), or PHEROS, king of Egypt, and son of Sesostris.
He was visited with blindness, an hereditary complaint, though, according to the legend preserved in Herodotus, it was a punishment for his presumptuous impiety in throwing a spear into the waters of the Nile when it had overflowed the fields.
By attending to the directions of an oracle he was cured, and the circumstances connected with the restoration of his sight strongly illustrate the general corruption of morals among the Egyptian women of the time.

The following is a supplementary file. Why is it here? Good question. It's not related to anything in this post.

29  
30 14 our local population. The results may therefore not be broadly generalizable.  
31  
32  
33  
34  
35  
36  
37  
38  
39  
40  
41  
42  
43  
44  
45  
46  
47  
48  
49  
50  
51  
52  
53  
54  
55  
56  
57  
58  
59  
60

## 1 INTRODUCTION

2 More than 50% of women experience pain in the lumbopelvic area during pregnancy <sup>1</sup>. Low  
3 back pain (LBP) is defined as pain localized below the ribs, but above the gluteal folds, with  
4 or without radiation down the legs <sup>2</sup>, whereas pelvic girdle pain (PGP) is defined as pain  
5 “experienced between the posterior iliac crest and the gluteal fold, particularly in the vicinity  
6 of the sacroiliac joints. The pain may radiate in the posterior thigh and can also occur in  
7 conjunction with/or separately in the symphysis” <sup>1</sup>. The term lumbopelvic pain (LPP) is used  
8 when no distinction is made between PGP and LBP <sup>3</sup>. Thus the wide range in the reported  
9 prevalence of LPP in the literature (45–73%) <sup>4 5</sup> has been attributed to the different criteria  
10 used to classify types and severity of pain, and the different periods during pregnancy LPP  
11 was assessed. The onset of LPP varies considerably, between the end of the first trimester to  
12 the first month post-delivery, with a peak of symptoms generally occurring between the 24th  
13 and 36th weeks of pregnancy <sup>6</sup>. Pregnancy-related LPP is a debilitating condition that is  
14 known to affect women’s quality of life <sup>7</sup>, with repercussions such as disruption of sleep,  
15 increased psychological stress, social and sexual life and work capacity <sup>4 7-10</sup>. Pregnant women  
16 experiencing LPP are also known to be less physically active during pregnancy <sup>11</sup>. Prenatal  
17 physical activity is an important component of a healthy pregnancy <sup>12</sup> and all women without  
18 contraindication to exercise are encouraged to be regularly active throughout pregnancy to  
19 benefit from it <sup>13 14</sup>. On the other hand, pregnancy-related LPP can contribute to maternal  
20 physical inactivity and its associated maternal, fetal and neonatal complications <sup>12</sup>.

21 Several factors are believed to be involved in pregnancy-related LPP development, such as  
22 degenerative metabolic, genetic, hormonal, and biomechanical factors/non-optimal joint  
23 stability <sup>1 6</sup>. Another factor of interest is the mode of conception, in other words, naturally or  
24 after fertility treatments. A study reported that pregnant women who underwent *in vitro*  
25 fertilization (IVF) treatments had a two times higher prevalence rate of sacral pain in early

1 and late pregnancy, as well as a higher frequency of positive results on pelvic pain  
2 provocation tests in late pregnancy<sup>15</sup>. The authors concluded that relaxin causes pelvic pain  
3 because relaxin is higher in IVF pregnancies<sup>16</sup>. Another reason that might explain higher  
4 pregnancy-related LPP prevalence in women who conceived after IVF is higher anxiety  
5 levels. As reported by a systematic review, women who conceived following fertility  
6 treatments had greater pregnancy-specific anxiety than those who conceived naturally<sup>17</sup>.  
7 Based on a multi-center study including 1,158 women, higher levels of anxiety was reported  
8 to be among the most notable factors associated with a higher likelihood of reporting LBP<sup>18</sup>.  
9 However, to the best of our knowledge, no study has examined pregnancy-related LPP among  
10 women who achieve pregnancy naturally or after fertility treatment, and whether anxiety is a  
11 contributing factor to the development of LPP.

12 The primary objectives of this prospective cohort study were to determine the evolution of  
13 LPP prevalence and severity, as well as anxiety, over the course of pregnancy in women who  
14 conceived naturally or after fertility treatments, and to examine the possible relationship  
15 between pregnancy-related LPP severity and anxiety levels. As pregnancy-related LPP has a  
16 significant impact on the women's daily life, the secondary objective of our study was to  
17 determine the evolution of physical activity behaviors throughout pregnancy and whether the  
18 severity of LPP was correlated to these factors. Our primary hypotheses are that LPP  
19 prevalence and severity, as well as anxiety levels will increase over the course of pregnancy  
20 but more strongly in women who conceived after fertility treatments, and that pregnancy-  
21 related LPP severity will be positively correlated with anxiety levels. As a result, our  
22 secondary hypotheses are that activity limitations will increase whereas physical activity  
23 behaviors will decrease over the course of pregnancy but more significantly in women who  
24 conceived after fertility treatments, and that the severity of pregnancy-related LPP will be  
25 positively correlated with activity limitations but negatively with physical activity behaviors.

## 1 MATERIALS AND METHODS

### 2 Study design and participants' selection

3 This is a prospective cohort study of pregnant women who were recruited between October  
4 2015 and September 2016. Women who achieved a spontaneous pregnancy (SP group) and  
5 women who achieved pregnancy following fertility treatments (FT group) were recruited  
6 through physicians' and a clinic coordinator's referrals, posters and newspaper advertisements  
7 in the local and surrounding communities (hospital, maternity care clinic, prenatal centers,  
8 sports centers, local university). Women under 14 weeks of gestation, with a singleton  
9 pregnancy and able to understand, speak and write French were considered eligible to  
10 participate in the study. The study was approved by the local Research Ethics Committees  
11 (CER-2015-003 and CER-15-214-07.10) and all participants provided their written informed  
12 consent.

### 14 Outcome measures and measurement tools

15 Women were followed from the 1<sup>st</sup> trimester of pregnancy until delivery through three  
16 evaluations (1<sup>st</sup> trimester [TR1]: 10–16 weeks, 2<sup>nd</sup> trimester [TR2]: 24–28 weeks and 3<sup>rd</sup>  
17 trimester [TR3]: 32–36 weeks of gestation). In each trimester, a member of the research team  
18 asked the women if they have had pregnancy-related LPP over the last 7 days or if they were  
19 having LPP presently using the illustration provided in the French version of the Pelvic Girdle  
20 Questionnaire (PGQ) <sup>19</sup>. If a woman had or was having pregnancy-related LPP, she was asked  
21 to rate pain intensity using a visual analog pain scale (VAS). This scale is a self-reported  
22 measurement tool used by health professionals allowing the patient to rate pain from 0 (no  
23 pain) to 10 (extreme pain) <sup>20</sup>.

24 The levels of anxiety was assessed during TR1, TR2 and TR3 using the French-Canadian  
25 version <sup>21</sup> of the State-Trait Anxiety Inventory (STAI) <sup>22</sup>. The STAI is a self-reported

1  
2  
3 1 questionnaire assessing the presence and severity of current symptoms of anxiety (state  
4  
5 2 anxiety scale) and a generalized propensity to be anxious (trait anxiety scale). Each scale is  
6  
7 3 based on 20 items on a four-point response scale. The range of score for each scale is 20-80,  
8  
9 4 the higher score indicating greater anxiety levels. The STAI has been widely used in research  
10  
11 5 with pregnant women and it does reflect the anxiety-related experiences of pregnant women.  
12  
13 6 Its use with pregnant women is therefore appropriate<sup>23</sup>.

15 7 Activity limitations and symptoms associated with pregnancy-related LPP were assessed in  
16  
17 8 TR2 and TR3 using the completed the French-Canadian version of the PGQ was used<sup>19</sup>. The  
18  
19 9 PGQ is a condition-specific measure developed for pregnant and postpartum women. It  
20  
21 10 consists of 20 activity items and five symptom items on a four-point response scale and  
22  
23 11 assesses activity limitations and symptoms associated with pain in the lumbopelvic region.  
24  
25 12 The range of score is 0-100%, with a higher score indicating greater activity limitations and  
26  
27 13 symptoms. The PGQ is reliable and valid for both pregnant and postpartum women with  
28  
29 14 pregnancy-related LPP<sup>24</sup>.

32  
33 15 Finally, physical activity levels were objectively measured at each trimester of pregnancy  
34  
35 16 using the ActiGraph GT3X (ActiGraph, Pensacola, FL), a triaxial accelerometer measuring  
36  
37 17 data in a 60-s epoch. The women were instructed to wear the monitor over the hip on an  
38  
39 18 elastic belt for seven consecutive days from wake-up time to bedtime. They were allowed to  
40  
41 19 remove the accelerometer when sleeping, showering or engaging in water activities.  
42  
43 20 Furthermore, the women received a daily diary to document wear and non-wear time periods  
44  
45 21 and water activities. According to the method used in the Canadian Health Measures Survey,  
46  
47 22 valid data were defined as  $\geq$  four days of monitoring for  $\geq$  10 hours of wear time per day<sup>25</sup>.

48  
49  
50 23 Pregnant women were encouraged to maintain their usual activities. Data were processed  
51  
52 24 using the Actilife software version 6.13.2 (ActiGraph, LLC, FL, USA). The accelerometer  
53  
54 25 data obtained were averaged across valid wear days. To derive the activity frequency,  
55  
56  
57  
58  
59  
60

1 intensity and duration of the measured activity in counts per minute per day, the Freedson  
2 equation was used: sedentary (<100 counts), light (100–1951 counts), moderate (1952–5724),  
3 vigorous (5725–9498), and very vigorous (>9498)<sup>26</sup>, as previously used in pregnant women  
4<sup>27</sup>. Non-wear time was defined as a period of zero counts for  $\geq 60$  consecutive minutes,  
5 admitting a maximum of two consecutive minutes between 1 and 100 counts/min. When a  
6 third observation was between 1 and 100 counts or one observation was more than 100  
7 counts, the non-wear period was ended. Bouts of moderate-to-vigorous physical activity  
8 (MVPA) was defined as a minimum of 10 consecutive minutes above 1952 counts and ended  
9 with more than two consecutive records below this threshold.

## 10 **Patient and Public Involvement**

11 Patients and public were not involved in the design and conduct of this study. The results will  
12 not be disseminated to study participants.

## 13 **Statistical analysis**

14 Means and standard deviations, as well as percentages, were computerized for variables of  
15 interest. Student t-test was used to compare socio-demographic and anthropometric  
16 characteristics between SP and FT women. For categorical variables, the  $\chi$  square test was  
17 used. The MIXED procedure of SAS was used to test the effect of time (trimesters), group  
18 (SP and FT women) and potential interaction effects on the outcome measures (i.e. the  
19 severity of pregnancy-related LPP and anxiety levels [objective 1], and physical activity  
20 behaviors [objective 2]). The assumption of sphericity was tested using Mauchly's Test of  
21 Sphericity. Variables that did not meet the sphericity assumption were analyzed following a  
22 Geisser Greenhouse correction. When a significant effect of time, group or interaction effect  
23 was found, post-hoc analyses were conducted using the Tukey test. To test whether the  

He dedicated an obelisk at Heliopolis, in gratitude for his recovery; and Pliny tells us that this, together with another also made by him but broken in its removal, was to be seen at Rome in the Circus of Caligula and Nero at the foot of the Vatican hill. Pliny calls the Pheron of Herodotus Nuncoreus, or Nencoreus, a name corrupted, perhaps, from Menophtheus. Diodorus gives him his father's name, Sesoosis. Pheron is of course the same word as Pharaoh. (Hdt. 2.111
; Diod. 1.59
; Plin. H. N.
1. 36.11; comp. Tac. Ann. 14.14
; Bunsen, Aegyptess Stelle in der Weltgeschichte,
vol. iii. Urkundenbuch,